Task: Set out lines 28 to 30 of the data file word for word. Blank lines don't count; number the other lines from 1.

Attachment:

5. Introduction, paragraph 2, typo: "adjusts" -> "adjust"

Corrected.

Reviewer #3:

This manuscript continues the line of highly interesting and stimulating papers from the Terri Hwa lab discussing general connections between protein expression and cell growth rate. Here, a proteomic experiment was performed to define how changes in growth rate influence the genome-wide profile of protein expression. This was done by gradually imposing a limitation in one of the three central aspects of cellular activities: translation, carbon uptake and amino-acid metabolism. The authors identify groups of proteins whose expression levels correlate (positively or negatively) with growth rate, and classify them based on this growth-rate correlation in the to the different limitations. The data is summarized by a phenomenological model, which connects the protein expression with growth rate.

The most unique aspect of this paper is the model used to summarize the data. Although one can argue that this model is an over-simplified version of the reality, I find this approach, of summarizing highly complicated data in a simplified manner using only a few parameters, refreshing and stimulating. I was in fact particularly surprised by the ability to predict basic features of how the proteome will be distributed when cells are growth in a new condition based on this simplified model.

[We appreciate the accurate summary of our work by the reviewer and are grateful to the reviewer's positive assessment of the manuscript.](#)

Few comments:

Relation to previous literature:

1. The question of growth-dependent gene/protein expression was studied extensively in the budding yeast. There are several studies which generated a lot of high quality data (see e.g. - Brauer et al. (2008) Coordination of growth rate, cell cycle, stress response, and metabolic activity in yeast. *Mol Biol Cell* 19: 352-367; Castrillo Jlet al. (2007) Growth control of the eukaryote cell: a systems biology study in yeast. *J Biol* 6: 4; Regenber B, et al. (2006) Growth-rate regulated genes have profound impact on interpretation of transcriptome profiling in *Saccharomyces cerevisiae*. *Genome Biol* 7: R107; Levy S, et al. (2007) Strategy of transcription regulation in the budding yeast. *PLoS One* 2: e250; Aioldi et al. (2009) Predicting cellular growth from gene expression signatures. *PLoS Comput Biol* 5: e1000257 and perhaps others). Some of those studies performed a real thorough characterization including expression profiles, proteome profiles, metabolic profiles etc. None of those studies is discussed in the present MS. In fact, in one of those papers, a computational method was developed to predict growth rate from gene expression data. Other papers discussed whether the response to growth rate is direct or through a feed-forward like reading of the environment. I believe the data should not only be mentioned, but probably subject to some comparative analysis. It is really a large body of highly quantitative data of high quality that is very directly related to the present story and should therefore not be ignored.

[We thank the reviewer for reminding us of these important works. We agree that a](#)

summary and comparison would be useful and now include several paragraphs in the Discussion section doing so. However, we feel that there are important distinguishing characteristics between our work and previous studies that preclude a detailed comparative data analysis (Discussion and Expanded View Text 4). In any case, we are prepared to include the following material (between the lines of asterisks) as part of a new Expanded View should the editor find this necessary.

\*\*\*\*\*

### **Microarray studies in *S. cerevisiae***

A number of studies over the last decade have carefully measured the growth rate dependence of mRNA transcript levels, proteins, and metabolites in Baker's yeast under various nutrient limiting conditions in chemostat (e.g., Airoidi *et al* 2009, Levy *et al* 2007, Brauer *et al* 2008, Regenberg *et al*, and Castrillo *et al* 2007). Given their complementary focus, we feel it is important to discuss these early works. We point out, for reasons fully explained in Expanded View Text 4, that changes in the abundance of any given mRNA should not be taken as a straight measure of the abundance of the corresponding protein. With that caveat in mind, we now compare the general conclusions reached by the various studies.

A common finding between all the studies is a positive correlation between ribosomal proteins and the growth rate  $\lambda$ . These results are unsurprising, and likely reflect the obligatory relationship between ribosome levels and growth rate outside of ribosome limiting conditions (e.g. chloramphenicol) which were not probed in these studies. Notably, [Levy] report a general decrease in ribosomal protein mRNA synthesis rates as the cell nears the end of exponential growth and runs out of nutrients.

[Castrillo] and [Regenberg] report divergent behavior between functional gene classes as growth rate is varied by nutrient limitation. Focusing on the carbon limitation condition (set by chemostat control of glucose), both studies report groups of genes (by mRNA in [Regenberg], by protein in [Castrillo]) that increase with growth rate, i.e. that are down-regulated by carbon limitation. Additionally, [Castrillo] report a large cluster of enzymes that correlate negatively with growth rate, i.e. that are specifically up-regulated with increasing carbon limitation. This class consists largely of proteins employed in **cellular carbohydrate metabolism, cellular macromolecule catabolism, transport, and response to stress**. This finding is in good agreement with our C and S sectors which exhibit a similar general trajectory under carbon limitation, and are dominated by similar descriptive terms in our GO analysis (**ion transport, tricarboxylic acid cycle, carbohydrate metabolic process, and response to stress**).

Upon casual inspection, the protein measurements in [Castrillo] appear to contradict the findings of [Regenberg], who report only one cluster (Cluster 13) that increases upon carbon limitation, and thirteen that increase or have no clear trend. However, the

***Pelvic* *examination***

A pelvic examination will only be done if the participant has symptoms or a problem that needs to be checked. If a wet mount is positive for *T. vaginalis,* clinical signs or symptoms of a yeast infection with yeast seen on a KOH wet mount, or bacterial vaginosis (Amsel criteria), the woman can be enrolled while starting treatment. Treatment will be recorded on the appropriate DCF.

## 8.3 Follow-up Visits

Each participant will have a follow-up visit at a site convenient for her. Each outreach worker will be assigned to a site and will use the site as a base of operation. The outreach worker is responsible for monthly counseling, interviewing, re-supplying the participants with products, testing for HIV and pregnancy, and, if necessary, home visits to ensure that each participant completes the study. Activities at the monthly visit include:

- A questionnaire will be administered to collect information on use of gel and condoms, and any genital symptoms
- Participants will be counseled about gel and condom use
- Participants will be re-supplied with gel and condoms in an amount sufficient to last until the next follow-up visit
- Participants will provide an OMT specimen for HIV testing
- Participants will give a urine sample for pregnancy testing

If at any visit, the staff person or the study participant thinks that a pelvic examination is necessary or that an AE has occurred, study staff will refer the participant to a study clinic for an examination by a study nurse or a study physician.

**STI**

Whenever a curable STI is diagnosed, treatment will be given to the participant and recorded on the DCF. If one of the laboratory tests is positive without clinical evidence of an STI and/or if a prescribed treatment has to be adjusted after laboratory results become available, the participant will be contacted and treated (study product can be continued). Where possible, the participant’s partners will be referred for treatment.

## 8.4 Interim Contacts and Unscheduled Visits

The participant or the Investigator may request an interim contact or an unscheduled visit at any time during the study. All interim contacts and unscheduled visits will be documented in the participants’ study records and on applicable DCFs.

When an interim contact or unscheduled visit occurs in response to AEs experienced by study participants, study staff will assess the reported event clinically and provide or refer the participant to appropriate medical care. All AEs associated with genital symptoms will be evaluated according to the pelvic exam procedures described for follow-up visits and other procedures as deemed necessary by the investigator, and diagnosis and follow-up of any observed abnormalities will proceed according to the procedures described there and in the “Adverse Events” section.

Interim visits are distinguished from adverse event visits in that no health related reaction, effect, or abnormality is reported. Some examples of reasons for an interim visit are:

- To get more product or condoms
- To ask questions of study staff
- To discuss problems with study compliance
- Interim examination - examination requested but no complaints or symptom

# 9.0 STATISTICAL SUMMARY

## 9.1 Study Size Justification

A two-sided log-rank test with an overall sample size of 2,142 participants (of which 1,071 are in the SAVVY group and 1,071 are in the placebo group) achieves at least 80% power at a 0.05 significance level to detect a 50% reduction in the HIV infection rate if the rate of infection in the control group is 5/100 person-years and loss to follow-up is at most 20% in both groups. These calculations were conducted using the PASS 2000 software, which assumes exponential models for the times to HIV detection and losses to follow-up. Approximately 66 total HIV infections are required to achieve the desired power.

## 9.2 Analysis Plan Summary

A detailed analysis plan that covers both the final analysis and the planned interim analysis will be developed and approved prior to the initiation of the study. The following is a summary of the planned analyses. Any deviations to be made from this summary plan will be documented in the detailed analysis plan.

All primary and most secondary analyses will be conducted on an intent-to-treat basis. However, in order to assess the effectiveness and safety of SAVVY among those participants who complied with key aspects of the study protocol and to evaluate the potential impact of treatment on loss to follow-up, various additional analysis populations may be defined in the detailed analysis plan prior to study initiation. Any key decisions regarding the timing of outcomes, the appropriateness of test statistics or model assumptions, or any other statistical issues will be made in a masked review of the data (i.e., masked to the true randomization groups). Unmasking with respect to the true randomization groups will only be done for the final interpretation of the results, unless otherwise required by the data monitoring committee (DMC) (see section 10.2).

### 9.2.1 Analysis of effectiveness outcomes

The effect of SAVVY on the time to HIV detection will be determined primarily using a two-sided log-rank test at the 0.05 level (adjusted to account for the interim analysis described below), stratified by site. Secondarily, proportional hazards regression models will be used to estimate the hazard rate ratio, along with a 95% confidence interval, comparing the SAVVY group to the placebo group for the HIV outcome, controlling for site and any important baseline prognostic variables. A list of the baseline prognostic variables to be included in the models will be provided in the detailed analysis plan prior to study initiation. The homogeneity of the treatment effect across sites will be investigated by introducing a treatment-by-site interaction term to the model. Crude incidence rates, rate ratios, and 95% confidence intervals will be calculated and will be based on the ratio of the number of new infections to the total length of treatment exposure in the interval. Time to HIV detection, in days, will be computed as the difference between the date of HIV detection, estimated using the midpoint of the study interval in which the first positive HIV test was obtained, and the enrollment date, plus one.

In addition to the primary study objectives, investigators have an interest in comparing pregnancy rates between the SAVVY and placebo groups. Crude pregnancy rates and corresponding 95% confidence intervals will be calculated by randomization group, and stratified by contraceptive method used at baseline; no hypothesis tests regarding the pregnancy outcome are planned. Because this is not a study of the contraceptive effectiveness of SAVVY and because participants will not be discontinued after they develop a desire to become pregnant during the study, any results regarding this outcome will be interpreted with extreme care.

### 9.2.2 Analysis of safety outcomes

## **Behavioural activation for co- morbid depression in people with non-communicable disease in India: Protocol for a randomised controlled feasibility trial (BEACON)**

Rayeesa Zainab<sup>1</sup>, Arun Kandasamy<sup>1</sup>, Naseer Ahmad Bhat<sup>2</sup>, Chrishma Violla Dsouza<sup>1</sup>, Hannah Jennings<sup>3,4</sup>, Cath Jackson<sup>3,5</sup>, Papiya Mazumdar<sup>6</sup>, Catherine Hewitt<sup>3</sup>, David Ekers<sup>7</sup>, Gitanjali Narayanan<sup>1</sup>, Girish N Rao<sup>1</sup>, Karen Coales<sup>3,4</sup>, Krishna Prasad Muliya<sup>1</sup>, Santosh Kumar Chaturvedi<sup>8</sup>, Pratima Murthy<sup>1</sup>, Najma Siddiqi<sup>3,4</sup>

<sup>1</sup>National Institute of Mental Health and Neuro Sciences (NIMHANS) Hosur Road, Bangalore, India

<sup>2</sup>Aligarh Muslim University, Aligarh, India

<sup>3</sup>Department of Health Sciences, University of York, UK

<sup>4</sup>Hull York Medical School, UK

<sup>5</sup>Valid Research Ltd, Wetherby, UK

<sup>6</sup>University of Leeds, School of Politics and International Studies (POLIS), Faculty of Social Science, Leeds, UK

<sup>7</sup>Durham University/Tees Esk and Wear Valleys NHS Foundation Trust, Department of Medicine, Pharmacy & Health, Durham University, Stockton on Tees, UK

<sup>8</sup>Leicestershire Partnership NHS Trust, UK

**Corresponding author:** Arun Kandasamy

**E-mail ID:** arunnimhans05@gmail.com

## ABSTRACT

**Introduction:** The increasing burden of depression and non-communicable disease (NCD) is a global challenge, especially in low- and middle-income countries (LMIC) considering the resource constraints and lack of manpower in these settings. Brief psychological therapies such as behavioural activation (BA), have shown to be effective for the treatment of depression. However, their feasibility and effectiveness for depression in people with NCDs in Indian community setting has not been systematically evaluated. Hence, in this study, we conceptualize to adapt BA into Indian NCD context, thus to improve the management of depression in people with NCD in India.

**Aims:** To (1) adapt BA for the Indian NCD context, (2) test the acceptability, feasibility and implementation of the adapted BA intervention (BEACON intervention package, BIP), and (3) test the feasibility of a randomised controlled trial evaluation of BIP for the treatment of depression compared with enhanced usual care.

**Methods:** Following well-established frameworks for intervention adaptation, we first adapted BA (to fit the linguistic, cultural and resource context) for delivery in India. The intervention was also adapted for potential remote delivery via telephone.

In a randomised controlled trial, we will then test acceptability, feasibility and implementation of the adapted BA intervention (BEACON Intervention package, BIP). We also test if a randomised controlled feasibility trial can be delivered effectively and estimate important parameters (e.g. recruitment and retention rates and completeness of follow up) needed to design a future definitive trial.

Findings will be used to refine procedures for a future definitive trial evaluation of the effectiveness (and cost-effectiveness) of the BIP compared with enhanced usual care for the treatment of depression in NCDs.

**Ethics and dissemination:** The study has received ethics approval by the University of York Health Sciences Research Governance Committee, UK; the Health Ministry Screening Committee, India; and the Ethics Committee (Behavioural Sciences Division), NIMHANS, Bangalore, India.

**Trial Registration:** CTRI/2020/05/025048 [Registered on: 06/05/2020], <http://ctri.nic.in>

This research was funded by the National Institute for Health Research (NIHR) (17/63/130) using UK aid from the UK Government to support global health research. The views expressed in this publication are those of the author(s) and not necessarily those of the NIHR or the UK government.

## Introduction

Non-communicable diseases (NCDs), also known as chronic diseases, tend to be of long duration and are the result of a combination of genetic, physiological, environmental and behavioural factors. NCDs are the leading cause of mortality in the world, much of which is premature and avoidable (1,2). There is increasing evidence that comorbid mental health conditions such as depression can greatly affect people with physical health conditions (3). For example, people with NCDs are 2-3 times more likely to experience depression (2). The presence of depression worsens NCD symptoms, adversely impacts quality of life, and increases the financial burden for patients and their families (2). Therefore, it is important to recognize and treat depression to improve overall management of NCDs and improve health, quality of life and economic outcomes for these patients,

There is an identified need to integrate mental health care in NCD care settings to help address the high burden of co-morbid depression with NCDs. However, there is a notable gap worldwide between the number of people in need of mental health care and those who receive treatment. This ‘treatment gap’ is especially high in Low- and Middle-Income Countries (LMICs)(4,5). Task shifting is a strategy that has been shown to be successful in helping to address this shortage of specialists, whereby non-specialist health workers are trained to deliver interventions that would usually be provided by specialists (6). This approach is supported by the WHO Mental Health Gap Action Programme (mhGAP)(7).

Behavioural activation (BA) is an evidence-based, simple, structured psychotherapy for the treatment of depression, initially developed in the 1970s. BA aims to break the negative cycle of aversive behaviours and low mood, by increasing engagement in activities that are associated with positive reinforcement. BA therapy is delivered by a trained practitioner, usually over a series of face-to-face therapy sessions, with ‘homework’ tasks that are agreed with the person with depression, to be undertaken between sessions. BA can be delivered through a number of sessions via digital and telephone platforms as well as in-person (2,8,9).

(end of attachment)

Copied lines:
**STI**

Whenever a curable STI is diagnosed, treatment will be given to the participant and recorded on the DCF. If one of the laboratory tests is positive without clinical evidence of an STI and/or if a prescribed treatment has to be adjusted after laboratory results become available, the participant will be contacted and treated (study product can be continued). Where possible, the participant’s partners will be referred for treatment.

## 8.4 Interim Contacts and Unscheduled Visits